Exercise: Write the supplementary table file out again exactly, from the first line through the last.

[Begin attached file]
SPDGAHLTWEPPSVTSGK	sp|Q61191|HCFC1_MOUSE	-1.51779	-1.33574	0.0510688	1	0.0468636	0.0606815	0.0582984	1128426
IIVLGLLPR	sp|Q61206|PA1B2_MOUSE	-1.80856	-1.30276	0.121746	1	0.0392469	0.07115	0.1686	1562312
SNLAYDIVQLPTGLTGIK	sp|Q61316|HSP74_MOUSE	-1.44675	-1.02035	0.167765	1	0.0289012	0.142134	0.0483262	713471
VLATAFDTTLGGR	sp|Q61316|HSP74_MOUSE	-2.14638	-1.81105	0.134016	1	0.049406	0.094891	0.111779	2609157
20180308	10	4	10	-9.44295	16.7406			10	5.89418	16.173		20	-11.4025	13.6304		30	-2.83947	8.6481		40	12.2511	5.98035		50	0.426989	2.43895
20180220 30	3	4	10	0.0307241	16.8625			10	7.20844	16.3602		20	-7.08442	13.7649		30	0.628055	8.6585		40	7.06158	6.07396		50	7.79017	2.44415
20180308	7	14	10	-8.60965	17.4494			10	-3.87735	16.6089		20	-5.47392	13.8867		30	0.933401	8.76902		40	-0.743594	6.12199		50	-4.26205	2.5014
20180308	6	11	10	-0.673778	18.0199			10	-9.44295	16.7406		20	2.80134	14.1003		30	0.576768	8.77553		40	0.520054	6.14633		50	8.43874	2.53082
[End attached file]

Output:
SPDGAHLTWEPPSVTSGK	sp|Q61191|HCFC1_MOUSE	-1.51779	-1.33574	0.0510688	1	0.0468636	0.0606815	0.0582984	1128426
IIVLGLLPR	sp|Q61206|PA1B2_MOUSE	-1.80856	-1.30276	0.121746	1	0.0392469	0.07115	0.1686	1562312
SNLAYDIVQLPTGLTGIK	sp|Q61316|HSP74_MOUSE	-1.44675	-1.02035	0.167765	1	0.0289012	0.142134	0.0483262	713471
VLATAFDTTLGGR	sp|Q61316|HSP74_MOUSE	-2.14638	-1.81105	0.134016	1	0.049406	0.094891	0.111779	2609157
20180308	10	4	10	-9.44295	16.7406			10	5.89418	16.173		20	-11.4025	13.6304		30	-2.83947	8.6481		40	12.2511	5.98035		50	0.426989	2.43895
20180220 30	3	4	10	0.0307241	16.8625			10	7.20844	16.3602		20	-7.08442	13.7649		30	0.628055	8.6585		40	7.06158	6.07396		50	7.79017	2.44415
20180308	7	14	10	-8.60965	17.4494			10	-3.87735	16.6089		20	-5.47392	13.8867		30	0.933401	8.76902		40	-0.743594	6.12199		50	-4.26205	2.5014
20180308	6	11	10	-0.673778	18.0199			10	-9.44295	16.7406		20	2.80134	14.1003		30	0.576768	8.77553		40	0.520054	6.14633		50	8.43874	2.53082